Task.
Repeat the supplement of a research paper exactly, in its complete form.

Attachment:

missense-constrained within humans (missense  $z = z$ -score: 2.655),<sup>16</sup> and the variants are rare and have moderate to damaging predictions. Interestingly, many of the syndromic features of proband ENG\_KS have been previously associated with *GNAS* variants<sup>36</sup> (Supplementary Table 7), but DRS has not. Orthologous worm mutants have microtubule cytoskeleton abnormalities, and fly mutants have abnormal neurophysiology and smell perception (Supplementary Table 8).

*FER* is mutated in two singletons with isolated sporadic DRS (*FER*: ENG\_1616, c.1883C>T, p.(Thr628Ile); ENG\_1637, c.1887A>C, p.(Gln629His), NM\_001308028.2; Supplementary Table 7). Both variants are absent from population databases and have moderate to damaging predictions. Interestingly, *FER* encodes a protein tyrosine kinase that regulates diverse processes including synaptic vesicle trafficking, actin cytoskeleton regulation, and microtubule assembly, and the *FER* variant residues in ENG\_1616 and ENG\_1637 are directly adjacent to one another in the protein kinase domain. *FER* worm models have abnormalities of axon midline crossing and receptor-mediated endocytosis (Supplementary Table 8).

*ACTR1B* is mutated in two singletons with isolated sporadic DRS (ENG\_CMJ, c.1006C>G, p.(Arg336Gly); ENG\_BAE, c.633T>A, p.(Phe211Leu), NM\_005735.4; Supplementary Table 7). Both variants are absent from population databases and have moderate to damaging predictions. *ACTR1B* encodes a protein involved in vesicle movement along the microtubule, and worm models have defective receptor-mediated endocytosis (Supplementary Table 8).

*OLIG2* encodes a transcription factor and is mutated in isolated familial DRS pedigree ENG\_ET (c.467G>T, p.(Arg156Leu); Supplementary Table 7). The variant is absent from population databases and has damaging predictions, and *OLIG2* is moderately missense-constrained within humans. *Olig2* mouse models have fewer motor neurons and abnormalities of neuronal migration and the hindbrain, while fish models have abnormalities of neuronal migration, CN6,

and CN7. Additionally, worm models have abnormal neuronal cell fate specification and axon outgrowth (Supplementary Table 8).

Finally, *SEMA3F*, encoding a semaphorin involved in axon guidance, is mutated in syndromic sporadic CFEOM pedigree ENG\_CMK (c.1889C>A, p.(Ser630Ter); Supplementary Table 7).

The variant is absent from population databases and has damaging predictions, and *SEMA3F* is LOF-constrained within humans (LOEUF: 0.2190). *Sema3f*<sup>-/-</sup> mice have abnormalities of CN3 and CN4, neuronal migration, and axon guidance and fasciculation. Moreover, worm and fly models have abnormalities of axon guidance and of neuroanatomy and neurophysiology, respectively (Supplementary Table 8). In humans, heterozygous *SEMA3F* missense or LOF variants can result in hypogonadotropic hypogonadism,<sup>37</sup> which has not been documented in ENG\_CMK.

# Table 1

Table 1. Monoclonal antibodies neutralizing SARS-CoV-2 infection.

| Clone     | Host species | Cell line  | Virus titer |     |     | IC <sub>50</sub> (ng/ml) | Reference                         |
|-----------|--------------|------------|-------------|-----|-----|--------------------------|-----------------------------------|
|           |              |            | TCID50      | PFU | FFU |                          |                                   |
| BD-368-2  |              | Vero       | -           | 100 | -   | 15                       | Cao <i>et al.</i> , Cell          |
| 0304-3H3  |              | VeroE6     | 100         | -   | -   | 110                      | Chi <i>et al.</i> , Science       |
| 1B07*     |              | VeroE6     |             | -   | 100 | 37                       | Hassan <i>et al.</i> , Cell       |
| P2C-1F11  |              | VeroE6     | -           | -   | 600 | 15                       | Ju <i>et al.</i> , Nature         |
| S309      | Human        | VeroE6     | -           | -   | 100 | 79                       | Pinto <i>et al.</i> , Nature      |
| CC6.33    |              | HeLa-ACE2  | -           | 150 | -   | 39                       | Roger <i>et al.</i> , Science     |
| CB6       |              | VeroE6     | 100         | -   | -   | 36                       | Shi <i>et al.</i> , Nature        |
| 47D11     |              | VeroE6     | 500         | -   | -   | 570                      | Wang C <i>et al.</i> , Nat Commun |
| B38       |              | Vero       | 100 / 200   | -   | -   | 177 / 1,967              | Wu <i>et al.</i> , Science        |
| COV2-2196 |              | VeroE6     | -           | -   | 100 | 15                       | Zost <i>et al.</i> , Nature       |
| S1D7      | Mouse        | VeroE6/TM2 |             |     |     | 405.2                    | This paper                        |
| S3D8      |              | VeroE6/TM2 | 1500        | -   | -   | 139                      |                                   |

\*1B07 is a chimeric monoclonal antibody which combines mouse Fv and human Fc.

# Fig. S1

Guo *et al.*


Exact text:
missense-constrained within humans (missense  $z = z$ -score: 2.655),<sup>16</sup> and the variants are rare and have moderate to damaging predictions. Interestingly, many of the syndromic features of proband ENG\_KS have been previously associated with *GNAS* variants<sup>36</sup> (Supplementary Table 7), but DRS has not. Orthologous worm mutants have microtubule cytoskeleton abnormalities, and fly mutants have abnormal neurophysiology and smell perception (Supplementary Table 8).

*FER* is mutated in two singletons with isolated sporadic DRS (*FER*: ENG\_1616, c.1883C>T, p.(Thr628Ile); ENG\_1637, c.1887A>C, p.(Gln629His), NM\_001308028.2; Supplementary Table 7). Both variants are absent from population databases and have moderate to damaging predictions. Interestingly, *FER* encodes a protein tyrosine kinase that regulates diverse processes including synaptic vesicle trafficking, actin cytoskeleton regulation, and microtubule assembly, and the *FER* variant residues in ENG\_1616 and ENG\_1637 are directly adjacent to one another in the protein kinase domain. *FER* worm models have abnormalities of axon midline crossing and receptor-mediated endocytosis (Supplementary Table 8).

*ACTR1B* is mutated in two singletons with isolated sporadic DRS (ENG\_CMJ, c.1006C>G, p.(Arg336Gly); ENG\_BAE, c.633T>A, p.(Phe211Leu), NM\_005735.4; Supplementary Table 7). Both variants are absent from population databases and have moderate to damaging predictions. *ACTR1B* encodes a protein involved in vesicle movement along the microtubule, and worm models have defective receptor-mediated endocytosis (Supplementary Table 8).

*OLIG2* encodes a transcription factor and is mutated in isolated familial DRS pedigree ENG\_ET (c.467G>T, p.(Arg156Leu); Supplementary Table 7). The variant is absent from population databases and has damaging predictions, and *OLIG2* is moderately missense-constrained within humans. *Olig2* mouse models have fewer motor neurons and abnormalities of neuronal migration and the hindbrain, while fish models have abnormalities of neuronal migration, CN6,

and CN7. Additionally, worm models have abnormal neuronal cell fate specification and axon outgrowth (Supplementary Table 8).

Finally, *SEMA3F*, encoding a semaphorin involved in axon guidance, is mutated in syndromic sporadic CFEOM pedigree ENG\_CMK (c.1889C>A, p.(Ser630Ter); Supplementary Table 7).

The variant is absent from population databases and has damaging predictions, and *SEMA3F* is LOF-constrained within humans (LOEUF: 0.2190). *Sema3f*<sup>-/-</sup> mice have abnormalities of CN3 and CN4, neuronal migration, and axon guidance and fasciculation. Moreover, worm and fly models have abnormalities of axon guidance and of neuroanatomy and neurophysiology, respectively (Supplementary Table 8). In humans, heterozygous *SEMA3F* missense or LOF variants can result in hypogonadotropic hypogonadism,<sup>37</sup> which has not been documented in ENG\_CMK.

# Table 1

Table 1. Monoclonal antibodies neutralizing SARS-CoV-2 infection.

| Clone     | Host species | Cell line  | Virus titer |     |     | IC <sub>50</sub> (ng/ml) | Reference                         |
|-----------|--------------|------------|-------------|-----|-----|--------------------------|-----------------------------------|
|           |              |            | TCID50      | PFU | FFU |                          |                                   |
| BD-368-2  |              | Vero       | -           | 100 | -   | 15                       | Cao <i>et al.</i> , Cell          |
| 0304-3H3  |              | VeroE6     | 100         | -   | -   | 110                      | Chi <i>et al.</i> , Science       |
| 1B07*     |              | VeroE6     |             | -   | 100 | 37                       | Hassan <i>et al.</i> , Cell       |
| P2C-1F11  |              | VeroE6     | -           | -   | 600 | 15                       | Ju <i>et al.</i> , Nature         |
| S309      | Human        | VeroE6     | -           | -   | 100 | 79                       | Pinto <i>et al.</i> , Nature      |
| CC6.33    |              | HeLa-ACE2  | -           | 150 | -   | 39                       | Roger <i>et al.</i> , Science     |
| CB6       |              | VeroE6     | 100         | -   | -   | 36                       | Shi <i>et al.</i> , Nature        |
| 47D11     |              | VeroE6     | 500         | -   | -   | 570                      | Wang C <i>et al.</i> , Nat Commun |
| B38       |              | Vero       | 100 / 200   | -   | -   | 177 / 1,967              | Wu <i>et al.</i> , Science        |
| COV2-2196 |              | VeroE6     | -           | -   | 100 | 15                       | Zost <i>et al.</i> , Nature       |
| S1D7      | Mouse        | VeroE6/TM2 |             |     |     | 405.2                    | This paper                        |
| S3D8      |              | VeroE6/TM2 | 1500        | -   | -   | 139                      |                                   |

\*1B07 is a chimeric monoclonal antibody which combines mouse Fv and human Fc.

# Fig. S1

Guo *et al.*